Significance for Employers

This case is significant for employers that have nonsolicitation restrictions in agreements with their employees, as well as those hiring employees subject to such restrictions in agreements with their former employers. For the latter group, the First Circuit’s decision provides some cautionary guidance. The practice of using targeted announcements of a new hire’s arrival is common, and the First Circuit did not hold that all public announcements of employment changes were improper. It did find, however, that such announcements can cross the line into improper solicitation when the list is short and is composed largely of the new employee’s client contacts from his or her former employment.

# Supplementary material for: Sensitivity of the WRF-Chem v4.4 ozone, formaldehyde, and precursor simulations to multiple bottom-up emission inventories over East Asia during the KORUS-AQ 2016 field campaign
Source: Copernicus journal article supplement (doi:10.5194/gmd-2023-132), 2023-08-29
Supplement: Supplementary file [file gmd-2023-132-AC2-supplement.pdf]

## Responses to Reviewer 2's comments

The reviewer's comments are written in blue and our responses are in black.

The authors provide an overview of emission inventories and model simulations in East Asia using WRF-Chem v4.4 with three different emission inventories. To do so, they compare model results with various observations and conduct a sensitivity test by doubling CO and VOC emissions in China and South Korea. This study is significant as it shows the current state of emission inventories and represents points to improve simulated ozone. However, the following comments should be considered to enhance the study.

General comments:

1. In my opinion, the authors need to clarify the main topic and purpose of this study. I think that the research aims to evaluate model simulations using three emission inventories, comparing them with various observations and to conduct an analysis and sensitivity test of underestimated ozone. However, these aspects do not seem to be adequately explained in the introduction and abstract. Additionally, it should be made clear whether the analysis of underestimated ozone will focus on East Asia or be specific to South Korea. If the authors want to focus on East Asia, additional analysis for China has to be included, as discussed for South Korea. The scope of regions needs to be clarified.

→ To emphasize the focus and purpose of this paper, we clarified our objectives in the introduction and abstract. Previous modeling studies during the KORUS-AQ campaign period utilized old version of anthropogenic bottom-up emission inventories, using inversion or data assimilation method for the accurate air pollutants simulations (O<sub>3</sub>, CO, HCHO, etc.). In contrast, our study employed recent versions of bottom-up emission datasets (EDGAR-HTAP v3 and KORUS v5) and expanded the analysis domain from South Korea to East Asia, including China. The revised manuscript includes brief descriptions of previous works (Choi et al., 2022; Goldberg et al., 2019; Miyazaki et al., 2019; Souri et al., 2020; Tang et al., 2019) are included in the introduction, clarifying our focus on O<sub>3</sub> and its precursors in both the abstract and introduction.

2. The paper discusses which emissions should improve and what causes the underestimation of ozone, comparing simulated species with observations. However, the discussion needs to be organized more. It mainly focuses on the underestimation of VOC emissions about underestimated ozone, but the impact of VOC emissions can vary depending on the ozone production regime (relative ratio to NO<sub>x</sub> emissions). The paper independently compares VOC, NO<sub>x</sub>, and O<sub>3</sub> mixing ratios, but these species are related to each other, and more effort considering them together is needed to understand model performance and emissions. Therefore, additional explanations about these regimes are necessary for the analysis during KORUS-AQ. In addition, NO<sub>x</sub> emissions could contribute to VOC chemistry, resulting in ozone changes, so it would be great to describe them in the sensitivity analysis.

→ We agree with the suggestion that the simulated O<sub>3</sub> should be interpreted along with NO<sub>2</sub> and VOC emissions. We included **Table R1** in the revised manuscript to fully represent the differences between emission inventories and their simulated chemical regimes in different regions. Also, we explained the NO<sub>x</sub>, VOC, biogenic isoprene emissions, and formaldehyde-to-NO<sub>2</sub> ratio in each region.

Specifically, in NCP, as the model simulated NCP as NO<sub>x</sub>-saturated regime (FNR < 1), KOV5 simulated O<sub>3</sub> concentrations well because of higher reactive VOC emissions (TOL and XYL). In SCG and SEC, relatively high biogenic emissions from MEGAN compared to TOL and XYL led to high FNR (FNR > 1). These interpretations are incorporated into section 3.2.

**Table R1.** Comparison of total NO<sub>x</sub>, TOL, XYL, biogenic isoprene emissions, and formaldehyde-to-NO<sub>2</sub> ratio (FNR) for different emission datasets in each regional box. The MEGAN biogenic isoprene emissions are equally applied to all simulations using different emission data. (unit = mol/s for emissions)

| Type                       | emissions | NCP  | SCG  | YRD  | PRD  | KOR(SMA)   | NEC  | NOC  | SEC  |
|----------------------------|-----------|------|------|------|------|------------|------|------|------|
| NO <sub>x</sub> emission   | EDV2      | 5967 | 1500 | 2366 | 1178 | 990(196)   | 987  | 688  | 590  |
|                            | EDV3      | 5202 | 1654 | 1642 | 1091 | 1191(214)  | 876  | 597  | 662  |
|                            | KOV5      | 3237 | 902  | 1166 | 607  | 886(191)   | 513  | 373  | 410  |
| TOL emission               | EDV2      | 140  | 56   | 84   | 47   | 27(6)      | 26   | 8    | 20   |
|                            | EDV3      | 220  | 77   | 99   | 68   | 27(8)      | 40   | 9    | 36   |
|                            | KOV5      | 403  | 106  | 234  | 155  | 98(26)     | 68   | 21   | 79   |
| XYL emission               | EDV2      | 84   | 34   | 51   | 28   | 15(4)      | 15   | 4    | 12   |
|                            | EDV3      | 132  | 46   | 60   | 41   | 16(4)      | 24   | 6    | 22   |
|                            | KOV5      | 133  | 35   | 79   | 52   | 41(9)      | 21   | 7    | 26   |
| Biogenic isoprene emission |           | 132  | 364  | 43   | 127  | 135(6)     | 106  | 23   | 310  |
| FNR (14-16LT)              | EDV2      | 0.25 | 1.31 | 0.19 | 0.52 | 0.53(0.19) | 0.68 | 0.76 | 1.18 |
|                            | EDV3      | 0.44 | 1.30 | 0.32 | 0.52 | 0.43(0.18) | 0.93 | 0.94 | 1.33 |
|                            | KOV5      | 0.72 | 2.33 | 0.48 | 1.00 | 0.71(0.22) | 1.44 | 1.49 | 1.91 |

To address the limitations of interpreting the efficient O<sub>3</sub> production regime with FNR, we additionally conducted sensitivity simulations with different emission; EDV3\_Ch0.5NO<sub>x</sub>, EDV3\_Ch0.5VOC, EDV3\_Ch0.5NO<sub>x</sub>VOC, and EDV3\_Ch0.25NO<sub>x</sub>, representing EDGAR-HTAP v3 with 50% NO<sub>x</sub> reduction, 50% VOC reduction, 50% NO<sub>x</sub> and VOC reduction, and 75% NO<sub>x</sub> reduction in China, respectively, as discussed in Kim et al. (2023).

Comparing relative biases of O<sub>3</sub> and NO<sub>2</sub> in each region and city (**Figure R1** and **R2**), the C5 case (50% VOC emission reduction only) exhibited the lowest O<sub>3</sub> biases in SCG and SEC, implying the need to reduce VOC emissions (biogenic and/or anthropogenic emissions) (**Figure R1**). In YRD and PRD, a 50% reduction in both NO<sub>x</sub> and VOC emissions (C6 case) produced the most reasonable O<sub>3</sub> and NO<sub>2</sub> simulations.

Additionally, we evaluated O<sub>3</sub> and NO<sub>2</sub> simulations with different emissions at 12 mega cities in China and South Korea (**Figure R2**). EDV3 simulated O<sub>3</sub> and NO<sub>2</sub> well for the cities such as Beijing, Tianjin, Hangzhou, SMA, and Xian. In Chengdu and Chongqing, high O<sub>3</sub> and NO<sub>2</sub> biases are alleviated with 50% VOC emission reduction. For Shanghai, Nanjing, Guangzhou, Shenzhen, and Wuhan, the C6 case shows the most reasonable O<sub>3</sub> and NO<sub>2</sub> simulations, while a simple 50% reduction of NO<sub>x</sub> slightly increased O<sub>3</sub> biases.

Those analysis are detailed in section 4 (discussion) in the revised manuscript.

In addition, employers should not place too much weight on the identity of the person making the initial contact. Although it is obviously helpful to the new employer if the customer was the one that reached out initially, the mere fact that the first email or call was inbound may have limited significance if the restricted employee then engages in extensive business communications with that restricted customer. That is particularly true when, as in this case, the sales process involves some continued communications before the “pitch” is fully made, as opposed to a one-off sale of fungible goods. As the First Circuit stated, the former employer’s rights “cannot be thwarted by easy evasions, such as piquing customers’ curiosity and inciting them to make the initial contact” with the employee’s new firm.